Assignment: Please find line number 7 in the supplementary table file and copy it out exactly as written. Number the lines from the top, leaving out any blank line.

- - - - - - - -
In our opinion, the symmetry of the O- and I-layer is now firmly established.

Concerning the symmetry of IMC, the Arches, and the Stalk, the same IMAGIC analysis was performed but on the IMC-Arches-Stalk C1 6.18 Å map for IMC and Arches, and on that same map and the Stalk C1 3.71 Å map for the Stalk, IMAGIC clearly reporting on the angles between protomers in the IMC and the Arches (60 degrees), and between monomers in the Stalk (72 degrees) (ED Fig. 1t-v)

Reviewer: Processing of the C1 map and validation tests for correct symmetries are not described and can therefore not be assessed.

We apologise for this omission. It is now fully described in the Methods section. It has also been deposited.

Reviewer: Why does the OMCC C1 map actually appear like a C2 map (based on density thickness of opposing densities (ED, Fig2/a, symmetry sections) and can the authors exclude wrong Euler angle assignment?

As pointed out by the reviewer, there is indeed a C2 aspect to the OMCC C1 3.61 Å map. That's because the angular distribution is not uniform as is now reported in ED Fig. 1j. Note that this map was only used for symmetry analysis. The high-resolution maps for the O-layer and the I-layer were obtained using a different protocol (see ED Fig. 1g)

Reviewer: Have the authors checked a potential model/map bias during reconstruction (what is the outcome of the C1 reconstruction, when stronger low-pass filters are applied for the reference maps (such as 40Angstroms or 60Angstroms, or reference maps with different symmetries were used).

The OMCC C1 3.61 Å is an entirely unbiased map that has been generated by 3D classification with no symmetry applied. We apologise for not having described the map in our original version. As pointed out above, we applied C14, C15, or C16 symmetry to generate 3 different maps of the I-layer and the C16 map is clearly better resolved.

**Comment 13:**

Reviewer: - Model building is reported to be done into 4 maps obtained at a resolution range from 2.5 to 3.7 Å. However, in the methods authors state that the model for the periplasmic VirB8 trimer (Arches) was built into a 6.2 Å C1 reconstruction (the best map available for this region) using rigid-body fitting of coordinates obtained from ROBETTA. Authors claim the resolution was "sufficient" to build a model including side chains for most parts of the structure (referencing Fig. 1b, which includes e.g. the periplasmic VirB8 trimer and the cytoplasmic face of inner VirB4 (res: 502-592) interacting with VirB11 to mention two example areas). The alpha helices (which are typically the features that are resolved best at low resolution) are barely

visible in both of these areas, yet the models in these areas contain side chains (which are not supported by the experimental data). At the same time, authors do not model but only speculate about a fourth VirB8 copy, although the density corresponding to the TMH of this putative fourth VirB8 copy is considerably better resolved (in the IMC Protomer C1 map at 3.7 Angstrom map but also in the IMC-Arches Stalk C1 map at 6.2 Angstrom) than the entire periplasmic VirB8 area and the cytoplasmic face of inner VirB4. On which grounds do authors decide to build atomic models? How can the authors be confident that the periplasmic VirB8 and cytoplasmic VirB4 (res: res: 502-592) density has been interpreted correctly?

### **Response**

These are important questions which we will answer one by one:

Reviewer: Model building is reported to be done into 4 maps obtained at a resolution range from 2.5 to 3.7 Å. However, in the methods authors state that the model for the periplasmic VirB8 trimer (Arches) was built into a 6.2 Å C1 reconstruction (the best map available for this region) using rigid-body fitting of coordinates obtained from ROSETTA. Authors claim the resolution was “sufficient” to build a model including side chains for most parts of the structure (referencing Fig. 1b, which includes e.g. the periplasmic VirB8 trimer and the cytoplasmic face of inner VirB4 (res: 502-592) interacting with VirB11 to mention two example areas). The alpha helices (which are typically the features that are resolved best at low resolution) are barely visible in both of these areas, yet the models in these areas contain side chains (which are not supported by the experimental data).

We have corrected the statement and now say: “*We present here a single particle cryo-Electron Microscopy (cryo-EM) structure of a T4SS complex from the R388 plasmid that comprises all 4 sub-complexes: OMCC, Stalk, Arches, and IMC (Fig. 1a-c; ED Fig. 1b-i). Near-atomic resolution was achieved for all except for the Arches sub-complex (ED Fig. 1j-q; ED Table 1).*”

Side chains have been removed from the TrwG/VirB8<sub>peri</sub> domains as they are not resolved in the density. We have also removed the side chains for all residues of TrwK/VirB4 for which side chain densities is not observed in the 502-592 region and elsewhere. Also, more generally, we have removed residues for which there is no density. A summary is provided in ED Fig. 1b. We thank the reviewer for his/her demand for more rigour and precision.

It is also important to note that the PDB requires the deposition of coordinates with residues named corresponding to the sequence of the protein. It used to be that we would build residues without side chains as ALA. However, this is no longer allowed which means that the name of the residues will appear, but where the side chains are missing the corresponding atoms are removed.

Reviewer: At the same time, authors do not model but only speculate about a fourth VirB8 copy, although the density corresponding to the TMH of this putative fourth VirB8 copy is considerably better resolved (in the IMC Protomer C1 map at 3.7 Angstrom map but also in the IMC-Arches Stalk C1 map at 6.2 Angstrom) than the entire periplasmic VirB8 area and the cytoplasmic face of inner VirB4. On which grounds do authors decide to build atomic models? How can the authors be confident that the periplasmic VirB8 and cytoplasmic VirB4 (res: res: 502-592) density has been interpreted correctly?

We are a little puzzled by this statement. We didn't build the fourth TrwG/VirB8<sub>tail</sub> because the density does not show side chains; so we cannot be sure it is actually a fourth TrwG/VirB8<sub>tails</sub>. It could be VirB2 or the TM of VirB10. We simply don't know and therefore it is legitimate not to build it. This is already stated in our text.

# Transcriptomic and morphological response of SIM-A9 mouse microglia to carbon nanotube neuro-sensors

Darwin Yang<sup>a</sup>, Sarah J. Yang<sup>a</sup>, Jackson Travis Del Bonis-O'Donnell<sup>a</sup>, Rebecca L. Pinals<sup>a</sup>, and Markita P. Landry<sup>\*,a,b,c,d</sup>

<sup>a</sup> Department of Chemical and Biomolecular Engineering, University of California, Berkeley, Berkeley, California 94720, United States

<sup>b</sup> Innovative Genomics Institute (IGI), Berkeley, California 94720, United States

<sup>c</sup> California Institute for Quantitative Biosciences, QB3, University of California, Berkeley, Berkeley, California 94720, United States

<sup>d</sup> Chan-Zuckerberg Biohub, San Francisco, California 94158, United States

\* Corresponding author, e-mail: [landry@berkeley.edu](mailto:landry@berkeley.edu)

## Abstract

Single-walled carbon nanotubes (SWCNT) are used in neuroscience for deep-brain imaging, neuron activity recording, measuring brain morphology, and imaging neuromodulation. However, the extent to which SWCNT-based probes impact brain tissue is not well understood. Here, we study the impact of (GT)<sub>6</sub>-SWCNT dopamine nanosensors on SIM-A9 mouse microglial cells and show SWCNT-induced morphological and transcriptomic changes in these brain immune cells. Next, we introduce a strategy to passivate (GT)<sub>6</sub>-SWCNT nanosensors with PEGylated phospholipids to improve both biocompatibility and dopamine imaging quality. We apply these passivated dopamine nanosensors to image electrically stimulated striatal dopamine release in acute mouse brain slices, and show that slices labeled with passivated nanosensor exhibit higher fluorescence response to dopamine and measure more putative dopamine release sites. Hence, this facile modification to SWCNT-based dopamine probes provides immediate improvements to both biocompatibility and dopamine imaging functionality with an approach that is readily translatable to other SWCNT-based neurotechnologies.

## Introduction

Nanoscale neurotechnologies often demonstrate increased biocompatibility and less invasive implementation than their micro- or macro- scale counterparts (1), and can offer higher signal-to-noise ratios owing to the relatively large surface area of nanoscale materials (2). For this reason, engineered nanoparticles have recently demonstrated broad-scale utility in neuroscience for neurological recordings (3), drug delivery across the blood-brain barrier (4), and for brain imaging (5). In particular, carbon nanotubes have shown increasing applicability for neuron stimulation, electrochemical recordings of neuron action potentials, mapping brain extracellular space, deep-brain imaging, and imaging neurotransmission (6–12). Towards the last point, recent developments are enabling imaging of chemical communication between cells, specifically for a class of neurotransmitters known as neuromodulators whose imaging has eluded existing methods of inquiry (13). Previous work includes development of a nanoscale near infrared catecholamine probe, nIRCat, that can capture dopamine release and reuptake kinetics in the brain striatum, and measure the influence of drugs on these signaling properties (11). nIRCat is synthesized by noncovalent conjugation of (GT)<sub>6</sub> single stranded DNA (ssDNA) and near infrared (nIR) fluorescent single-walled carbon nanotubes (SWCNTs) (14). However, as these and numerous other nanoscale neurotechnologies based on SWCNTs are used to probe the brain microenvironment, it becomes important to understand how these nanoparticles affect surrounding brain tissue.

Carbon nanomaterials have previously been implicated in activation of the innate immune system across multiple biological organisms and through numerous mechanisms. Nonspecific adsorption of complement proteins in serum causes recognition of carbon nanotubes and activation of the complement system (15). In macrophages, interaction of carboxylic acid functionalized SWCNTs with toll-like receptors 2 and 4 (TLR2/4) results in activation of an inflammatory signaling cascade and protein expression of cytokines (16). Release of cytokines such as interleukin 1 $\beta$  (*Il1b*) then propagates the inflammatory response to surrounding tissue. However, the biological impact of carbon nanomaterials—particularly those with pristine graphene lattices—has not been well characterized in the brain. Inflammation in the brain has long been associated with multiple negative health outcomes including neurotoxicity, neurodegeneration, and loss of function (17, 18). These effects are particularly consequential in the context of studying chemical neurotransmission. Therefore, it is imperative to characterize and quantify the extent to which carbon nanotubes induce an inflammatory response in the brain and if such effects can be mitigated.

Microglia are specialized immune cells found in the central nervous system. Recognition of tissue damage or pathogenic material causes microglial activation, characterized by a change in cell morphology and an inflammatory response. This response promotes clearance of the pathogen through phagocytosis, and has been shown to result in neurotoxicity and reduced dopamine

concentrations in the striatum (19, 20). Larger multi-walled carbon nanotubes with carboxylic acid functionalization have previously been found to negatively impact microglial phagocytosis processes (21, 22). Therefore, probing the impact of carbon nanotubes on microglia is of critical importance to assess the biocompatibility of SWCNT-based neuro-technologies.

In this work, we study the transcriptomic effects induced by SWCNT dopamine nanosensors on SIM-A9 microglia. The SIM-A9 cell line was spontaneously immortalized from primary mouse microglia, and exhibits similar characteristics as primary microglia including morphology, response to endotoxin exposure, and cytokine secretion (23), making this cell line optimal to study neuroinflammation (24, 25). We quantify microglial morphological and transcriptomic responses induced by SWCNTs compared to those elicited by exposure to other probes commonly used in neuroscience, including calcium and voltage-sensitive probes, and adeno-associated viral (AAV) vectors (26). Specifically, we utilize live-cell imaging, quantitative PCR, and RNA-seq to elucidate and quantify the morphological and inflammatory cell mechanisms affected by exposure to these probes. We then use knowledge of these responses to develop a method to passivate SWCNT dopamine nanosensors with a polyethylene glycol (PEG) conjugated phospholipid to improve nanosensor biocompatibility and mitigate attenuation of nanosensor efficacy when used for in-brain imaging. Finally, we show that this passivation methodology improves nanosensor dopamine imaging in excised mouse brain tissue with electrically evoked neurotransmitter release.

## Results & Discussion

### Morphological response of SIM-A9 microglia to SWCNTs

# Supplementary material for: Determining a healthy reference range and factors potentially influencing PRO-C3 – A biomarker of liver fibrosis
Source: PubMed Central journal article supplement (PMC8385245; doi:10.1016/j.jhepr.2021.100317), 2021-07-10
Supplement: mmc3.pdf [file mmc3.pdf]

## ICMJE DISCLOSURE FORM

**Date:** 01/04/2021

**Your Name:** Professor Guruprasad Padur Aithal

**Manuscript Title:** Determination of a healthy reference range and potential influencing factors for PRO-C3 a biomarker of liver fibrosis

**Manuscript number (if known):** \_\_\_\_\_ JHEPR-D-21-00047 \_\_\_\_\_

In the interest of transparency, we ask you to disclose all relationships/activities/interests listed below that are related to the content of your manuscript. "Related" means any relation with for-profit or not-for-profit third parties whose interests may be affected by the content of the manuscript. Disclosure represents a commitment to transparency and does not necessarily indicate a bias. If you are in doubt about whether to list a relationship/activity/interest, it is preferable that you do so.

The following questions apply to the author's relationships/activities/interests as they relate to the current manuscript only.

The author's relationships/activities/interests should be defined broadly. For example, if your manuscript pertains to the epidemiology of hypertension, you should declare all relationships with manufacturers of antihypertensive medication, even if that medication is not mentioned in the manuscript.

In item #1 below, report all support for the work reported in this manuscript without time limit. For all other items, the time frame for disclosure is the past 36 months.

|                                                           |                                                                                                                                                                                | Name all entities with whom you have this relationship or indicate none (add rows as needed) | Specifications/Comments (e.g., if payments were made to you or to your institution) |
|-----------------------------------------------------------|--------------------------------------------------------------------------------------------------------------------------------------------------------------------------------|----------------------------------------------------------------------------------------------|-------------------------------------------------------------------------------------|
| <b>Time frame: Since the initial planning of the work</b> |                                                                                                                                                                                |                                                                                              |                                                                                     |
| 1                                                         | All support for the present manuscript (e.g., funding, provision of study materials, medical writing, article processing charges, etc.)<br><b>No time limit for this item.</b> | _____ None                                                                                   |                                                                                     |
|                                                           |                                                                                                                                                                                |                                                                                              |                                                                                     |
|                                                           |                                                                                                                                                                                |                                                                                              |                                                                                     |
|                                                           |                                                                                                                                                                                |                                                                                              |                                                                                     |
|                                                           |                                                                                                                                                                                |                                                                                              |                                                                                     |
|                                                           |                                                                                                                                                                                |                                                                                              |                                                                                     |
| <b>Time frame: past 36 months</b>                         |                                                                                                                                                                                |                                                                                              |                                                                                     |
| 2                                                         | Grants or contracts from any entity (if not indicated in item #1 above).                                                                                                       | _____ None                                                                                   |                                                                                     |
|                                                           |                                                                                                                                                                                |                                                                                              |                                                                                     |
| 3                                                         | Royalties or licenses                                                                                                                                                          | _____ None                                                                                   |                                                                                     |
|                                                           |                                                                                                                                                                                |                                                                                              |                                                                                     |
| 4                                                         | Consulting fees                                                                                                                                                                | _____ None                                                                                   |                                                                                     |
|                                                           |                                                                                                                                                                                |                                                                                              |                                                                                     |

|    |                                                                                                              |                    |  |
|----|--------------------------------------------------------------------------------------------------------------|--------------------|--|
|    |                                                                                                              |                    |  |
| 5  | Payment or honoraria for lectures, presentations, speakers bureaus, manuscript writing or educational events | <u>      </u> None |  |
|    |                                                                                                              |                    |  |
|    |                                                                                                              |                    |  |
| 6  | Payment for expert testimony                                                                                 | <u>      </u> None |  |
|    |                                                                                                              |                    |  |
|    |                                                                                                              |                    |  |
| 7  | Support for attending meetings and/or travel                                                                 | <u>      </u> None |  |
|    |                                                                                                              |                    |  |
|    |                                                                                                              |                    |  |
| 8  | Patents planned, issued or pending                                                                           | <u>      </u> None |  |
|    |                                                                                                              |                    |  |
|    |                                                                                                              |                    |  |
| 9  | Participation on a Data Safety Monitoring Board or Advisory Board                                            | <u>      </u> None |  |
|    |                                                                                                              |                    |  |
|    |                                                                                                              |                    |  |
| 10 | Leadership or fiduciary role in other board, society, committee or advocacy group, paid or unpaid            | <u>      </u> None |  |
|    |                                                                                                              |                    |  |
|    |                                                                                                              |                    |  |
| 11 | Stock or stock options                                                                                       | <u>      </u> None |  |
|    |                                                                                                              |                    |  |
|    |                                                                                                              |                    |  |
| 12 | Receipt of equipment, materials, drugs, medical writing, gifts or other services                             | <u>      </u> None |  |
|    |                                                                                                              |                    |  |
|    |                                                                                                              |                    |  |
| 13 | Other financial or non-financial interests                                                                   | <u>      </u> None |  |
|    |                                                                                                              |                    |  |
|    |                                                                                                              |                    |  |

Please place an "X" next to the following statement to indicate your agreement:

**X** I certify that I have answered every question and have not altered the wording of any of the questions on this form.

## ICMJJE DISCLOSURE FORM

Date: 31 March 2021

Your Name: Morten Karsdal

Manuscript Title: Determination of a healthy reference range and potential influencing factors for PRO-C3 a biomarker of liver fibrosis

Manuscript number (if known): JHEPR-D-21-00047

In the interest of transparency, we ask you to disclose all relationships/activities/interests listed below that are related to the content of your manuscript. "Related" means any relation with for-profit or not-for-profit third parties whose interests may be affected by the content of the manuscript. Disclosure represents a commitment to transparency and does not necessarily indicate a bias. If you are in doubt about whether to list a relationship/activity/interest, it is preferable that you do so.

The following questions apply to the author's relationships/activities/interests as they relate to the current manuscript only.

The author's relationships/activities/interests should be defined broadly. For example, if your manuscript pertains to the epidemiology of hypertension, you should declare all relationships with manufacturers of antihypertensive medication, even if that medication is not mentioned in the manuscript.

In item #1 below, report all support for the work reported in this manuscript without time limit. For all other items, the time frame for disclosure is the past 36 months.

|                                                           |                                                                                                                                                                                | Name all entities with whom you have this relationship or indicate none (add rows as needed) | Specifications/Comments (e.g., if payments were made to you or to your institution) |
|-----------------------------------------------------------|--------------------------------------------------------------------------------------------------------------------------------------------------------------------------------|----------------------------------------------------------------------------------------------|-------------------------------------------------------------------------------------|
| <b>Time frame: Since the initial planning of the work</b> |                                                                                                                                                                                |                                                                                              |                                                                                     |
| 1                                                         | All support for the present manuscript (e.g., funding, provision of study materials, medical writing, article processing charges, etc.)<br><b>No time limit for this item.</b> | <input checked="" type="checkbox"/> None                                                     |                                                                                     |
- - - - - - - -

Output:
Reviewer: Have the authors checked a potential model/map bias during reconstruction (what is the outcome of the C1 reconstruction, when stronger low-pass filters are applied for the reference maps (such as 40Angstroms or 60Angstroms, or reference maps with different symmetries were used).